November 10, 2000

Nunavut now has two time zones

Cambridge Bay, Kugluktuk to stay on central time for the winter

Nunatsiaq News

IQALUIT — After a week of confusion, clocks in the territory’s westernmost hamlets are now synchronized — an hour behind the rest of Nunavut.

The Nunavut government last week retreated from its unified-time-zone policy, permitting Kugluktuk and Cambridge Bay to stay on central time for the winter.

"The community is back to normal now," said Joanne Taptuna, the mayor of Kugluktuk. "We live in one community. Why go with two times?"

The government’s announcement came Nov. 2 at a crowded public meeting in the Cambridge Bay hamlet office. There, Jack Anawak, the minister of community government, surprised residents by saying the two communities could have their own time zone.

Anawak said the Nunavut government would allow its employees in Kugluktuk and Cambridge Bay to operate on central time year-round, putting them one hour behind the rest of Nunavut for six months during the winter.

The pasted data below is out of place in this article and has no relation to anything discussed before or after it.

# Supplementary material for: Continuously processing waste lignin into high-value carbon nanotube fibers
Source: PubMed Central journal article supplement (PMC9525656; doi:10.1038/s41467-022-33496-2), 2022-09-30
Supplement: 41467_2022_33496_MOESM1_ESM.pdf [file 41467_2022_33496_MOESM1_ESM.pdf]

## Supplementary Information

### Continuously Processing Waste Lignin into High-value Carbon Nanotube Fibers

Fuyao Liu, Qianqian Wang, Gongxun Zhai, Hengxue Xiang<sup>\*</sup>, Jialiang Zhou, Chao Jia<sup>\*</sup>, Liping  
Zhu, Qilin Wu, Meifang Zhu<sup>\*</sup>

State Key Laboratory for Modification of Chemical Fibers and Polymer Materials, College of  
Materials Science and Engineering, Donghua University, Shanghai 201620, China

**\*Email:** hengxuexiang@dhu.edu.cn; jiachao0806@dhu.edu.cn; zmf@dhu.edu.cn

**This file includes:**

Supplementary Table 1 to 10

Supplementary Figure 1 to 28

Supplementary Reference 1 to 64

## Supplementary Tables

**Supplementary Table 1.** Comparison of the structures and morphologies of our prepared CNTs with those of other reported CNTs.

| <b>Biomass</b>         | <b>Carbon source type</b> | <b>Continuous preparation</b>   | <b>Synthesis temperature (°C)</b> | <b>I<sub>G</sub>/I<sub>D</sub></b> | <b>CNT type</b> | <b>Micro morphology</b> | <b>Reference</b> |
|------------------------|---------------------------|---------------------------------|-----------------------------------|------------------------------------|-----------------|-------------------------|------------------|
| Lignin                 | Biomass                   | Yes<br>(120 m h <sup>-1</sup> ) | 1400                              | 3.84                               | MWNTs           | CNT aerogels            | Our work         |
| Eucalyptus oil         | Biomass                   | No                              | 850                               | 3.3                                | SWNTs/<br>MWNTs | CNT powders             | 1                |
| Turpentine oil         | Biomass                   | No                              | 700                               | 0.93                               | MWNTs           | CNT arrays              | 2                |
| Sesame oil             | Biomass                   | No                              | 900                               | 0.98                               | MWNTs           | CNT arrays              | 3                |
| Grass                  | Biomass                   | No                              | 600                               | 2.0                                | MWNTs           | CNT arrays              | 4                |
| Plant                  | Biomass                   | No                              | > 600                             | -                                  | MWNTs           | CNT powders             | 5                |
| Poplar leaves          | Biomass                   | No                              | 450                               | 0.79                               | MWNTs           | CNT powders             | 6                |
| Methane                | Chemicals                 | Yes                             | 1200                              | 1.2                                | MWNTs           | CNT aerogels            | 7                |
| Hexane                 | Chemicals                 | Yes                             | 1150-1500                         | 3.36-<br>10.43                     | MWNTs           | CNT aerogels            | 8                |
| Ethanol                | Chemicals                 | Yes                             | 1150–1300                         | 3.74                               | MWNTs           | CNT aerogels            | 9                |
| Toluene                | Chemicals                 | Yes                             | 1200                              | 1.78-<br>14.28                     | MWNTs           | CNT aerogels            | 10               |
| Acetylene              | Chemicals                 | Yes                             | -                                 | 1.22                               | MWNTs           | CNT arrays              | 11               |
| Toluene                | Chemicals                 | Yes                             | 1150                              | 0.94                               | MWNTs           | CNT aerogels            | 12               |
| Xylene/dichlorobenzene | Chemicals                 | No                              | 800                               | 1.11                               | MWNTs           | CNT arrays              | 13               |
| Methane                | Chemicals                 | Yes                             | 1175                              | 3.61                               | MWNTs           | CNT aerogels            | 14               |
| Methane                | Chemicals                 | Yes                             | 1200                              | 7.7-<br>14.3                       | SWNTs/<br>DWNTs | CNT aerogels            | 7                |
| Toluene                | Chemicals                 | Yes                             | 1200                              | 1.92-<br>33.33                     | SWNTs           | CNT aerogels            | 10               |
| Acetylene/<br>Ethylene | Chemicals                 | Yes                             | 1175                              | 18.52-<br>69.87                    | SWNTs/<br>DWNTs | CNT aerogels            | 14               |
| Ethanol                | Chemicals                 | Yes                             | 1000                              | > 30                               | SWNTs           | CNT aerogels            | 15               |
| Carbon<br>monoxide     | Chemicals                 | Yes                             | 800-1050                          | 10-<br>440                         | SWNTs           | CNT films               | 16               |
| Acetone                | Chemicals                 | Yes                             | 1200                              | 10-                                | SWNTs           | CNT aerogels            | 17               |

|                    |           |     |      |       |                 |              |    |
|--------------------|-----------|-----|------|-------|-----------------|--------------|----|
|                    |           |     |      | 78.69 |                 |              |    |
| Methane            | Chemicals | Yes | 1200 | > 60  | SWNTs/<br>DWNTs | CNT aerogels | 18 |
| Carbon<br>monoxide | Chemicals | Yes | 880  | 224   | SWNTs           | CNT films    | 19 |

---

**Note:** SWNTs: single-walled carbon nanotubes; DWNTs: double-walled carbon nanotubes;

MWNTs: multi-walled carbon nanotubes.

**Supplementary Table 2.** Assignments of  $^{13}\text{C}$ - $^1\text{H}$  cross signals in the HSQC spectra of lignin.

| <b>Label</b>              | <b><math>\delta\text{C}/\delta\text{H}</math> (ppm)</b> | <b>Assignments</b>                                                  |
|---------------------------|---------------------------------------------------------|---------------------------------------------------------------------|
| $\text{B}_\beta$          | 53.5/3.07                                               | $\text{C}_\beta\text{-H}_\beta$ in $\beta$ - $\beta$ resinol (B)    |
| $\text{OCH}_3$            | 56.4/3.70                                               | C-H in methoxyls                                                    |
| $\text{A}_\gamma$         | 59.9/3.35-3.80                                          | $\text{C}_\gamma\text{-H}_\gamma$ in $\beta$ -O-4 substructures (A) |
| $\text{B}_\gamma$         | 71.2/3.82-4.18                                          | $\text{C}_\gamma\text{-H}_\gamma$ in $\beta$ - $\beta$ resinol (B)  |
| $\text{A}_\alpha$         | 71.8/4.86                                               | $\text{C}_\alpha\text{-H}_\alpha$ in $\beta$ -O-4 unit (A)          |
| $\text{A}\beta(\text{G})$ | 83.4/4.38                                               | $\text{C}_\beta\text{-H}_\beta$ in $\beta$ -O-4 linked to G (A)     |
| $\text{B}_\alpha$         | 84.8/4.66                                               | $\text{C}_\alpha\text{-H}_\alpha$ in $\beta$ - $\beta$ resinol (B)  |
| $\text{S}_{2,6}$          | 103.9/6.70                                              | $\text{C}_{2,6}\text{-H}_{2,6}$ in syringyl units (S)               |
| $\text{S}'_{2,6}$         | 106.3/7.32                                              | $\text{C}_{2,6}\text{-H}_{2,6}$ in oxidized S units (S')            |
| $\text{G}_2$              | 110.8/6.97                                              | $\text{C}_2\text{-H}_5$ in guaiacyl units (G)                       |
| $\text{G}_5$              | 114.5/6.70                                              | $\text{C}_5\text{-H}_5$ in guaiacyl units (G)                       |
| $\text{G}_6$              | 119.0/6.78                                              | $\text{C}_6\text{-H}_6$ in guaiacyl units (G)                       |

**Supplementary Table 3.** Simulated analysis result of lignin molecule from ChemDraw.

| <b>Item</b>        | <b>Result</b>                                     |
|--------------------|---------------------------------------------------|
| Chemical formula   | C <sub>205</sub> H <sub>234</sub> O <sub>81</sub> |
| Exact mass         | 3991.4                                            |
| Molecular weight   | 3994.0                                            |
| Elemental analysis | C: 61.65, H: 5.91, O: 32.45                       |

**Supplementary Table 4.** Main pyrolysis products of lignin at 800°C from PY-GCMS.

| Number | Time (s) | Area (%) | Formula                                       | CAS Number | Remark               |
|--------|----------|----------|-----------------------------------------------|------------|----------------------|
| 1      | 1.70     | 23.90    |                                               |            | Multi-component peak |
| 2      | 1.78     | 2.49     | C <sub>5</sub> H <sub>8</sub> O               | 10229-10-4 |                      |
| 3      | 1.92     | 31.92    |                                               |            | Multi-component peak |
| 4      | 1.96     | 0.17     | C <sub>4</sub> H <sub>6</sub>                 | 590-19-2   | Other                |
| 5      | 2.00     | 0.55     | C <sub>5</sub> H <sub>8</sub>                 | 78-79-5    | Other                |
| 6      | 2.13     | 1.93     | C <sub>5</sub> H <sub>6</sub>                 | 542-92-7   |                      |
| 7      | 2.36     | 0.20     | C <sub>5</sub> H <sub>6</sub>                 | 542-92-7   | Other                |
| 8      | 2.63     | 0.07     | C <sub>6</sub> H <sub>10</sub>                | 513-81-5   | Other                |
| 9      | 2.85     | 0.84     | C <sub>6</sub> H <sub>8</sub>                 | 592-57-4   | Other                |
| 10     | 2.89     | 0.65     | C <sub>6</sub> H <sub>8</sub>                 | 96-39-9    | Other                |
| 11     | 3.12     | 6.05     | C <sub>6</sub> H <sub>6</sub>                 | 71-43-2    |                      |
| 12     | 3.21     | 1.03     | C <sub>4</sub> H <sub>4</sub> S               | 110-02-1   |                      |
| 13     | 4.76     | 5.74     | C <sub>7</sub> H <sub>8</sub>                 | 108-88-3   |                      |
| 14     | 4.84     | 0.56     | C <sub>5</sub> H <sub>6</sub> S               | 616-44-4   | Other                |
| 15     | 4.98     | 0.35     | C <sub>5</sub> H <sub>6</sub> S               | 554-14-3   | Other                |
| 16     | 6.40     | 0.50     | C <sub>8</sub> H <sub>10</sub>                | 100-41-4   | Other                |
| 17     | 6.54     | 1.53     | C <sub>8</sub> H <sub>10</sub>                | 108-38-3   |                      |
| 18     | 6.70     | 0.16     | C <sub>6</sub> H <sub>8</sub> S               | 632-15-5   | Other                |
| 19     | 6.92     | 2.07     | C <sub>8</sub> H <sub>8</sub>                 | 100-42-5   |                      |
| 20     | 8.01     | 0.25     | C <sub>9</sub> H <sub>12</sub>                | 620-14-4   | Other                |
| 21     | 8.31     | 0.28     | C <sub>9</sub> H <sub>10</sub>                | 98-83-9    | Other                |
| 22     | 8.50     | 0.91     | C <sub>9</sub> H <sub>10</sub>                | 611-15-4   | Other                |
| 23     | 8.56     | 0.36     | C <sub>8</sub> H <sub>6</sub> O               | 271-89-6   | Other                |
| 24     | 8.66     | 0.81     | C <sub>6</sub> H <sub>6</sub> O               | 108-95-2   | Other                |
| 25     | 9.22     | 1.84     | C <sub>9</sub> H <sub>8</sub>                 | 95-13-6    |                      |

At the end of October the two communities had rebelled against Nunavut’s unified time zone, refusing to shift to eastern time with the rest of the territory for the winter.

Cambridge Bay remained on central time, while Kugluktuk, even farther west, reverted to mountain time, which they had used before the advent of Nunavut’s unified time zone in 1999.

The rebellion sparked a stand-off with the government that for several days threw the communities into chaos: hamlet clocks were set to one time, school and government-office clocks to another.

In Kugluktuk, where a two-hour time gap existed, government workers found themselves heading to work before most townspeople even awoke. Schoolchildren’s classes were ending hours before their parents got off work. Husbands and wives were forced to keep wildly different schedules.

"It was frustrating for GN employees and hamlet employees," said Taptuna. "It was separating the people of the community and that’s not right."

Because of the discord, Taptuna said her townspeople were quick to agree to Anawak’s compromise proposal, even though it meant winding their clocks an hour forward to central time.

But she said the 200-plus Kugluktuk residents who attended a Nov. 3 meeting to vote on the compromise also insisted the hamlet keep pushing for an eventual return to mountain time.

"The community has accepted, but they told us not to give up lobbying," Taptuna said.

She said there’s still resentment about the way the Nunavut government decided to go on eastern time, which Kugluktuk residents felt was done without consulting them first.

"That’s what really ticked us off," she said. "They were making decisions and dictating to the people. We did remind them about ... people coming first."